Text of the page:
Heart Health Gets a Jolt from a Cup of Joe
Go ahead: Have that second cup of java.
Research has found that coffee offers a long list of potential health benefits, including possibly reducing the risk of diabetes, heart disease, Parkinson's disease, cirrhosis of the liver and even Alzheimer's.
Why? The answer may lie in the army of antioxidants inside.
"Many people do not realize that coffee is the largest source of antioxidants in their diet," said Dr. Donald Hensrud, chair of preventive, occupational and aerospace medicine at the Mayo Clinic in Rochester, Minnesota.
The ResearchNumerous studies have shown that coffee is good for the heart. The Iowa Women's Health Study, an ongoing study as of May 2011, followed 27,000 women from age 55 to 69. Researchers at the University of Minnesota have found in that study that women who drink one to three cups of coffee a day reduce their risk of heart disease by 24 percent compared with those who abstain from drinking coffee.
In a study conducted at Spain's Autonomous University of Madrid, researchers tracked 129,000 men and women over 20 years and found that study participants who consumed several cups of coffee a day were less likely to die of heart disease than those who drank none. Among women taking part in the study, those who drank four to five cups a day were 34 percent less likely to die of heart disease than those women who drank no coffee. Men who drank five cups were 44 percent less likely to die of heart disease than men who drank no coffee.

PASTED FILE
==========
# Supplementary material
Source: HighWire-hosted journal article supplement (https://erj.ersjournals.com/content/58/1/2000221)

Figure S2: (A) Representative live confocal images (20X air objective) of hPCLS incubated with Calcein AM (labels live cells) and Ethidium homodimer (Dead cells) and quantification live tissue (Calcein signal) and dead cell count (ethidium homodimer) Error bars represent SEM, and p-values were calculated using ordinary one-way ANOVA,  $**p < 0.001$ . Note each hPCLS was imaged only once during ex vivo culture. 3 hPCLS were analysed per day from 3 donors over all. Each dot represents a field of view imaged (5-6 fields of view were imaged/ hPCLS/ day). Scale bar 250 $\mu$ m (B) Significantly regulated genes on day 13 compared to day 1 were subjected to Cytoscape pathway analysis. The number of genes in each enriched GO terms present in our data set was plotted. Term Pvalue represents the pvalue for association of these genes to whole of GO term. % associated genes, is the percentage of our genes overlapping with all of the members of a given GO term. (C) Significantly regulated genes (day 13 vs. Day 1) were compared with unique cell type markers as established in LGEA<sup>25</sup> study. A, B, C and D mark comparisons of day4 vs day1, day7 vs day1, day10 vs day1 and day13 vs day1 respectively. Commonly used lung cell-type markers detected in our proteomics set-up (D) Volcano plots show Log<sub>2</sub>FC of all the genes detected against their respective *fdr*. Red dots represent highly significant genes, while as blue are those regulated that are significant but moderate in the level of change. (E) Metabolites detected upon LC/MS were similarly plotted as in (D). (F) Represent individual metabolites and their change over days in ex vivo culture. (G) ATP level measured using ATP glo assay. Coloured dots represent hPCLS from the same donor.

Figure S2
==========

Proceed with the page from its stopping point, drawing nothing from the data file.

Of apparent wider significance, however, was an overarching decrease in the mortality rate of the coffee-drinking participants.
According to an article published by NewScientist.com, the researchers noted that the same group of coffee-drinking women experienced 26 percent fewer deaths from any cause during the period of the study and that among the same group of coffee-drinking men there were 35 percent fewer deaths from any cause.
Reports of the study's conclusions appeared during the summer of 2008. At that time, Esther Lopez-Garcia, an epidemiologist at Autonomous University and the leader of the study, cautioned against acting on the findings until additional research was conducted.
Researchers are still trying to determine exactly why coffee might be beneficial, but it appears that antioxidants may block inflammation and limit cell damage, both of which are associated with cardiovascular disease, noted Hensrud.
The antioxidants in coffee are known as polyphenols and are also found in fruits, vegetables, and chocolate. A 2005 study found that Americans get far more antioxidants from coffee than any other source.
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